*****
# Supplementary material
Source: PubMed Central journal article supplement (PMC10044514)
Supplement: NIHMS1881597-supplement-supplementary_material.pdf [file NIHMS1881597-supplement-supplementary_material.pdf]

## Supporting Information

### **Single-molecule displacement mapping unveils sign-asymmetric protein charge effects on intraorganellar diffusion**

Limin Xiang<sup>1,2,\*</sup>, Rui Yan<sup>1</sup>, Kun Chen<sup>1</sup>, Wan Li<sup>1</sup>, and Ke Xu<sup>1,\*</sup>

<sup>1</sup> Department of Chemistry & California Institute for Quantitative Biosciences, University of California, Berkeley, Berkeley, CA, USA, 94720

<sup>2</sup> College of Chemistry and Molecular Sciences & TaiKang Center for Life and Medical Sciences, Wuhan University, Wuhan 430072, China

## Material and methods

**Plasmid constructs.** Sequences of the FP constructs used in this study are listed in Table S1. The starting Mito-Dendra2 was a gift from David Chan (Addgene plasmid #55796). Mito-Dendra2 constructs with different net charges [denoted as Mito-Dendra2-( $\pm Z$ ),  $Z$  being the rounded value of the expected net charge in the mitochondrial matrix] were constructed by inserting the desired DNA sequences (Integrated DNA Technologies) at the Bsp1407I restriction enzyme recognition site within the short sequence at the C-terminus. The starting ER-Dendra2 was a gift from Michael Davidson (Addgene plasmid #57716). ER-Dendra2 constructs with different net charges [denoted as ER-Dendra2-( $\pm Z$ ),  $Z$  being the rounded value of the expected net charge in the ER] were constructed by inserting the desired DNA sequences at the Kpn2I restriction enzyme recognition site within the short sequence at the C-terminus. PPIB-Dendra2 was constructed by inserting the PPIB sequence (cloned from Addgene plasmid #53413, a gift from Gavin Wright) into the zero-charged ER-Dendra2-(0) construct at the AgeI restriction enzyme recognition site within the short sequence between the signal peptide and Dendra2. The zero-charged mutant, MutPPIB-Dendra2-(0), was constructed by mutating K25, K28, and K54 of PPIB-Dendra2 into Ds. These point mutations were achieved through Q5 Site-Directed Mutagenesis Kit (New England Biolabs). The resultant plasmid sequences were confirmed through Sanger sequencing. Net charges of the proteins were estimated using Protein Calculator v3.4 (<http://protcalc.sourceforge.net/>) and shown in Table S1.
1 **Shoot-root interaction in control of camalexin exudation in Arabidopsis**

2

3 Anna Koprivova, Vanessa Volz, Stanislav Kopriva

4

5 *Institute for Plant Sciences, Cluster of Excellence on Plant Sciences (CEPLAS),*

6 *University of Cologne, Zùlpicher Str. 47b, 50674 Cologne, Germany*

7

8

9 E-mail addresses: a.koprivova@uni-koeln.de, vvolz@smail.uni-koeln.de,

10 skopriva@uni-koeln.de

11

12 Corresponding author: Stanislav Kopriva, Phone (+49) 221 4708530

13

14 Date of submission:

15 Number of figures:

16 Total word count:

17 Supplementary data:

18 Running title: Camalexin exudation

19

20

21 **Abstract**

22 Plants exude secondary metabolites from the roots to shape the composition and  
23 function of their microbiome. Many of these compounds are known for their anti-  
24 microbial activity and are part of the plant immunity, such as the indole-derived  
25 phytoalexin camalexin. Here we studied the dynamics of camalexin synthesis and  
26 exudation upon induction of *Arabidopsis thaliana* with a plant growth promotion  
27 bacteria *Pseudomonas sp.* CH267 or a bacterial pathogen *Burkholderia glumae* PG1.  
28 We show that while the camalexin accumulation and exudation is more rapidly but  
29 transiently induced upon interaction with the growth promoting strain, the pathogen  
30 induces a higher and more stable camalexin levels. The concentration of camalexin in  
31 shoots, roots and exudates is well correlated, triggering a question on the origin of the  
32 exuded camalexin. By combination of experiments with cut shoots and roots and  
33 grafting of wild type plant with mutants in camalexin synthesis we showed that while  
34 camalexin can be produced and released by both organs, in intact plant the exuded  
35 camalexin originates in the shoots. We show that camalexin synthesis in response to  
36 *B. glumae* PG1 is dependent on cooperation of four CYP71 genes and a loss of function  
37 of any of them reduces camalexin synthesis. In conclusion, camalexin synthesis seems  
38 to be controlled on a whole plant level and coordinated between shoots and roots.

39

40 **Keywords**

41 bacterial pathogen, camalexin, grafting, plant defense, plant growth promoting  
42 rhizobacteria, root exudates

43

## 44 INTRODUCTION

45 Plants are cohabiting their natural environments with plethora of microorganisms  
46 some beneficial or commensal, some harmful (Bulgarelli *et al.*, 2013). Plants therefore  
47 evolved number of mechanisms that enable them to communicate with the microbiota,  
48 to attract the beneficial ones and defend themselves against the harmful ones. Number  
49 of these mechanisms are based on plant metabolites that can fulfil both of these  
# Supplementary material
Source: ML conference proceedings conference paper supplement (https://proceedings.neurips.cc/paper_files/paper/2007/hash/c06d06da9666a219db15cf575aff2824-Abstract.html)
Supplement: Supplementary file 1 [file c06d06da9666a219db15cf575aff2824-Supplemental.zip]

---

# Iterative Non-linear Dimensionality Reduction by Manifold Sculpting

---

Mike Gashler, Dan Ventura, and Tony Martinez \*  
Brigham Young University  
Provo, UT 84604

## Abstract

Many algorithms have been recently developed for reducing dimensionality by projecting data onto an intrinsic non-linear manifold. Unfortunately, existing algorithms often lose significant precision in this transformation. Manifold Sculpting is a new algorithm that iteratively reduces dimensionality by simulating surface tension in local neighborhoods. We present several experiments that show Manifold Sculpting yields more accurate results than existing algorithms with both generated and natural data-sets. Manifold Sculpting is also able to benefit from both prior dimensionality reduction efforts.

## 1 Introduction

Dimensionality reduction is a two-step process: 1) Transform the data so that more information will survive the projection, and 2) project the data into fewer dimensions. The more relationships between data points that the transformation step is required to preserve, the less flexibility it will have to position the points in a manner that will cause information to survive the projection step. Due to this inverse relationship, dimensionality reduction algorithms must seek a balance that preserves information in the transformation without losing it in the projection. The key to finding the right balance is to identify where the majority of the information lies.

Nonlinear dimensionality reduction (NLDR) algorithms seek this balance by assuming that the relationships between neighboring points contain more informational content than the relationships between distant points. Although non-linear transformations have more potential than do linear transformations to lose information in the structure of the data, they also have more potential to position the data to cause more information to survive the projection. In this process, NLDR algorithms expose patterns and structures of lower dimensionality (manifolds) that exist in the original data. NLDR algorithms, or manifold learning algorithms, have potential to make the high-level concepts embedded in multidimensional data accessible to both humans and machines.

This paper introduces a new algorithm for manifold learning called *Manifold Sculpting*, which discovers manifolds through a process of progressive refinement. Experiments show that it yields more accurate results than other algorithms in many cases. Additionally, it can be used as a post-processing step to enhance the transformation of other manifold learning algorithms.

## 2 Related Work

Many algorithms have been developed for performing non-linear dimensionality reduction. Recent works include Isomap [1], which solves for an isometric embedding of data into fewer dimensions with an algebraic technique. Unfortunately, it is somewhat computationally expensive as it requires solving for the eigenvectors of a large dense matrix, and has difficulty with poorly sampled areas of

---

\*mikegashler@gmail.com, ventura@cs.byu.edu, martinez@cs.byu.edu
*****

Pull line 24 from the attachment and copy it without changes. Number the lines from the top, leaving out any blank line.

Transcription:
14 Date of submission: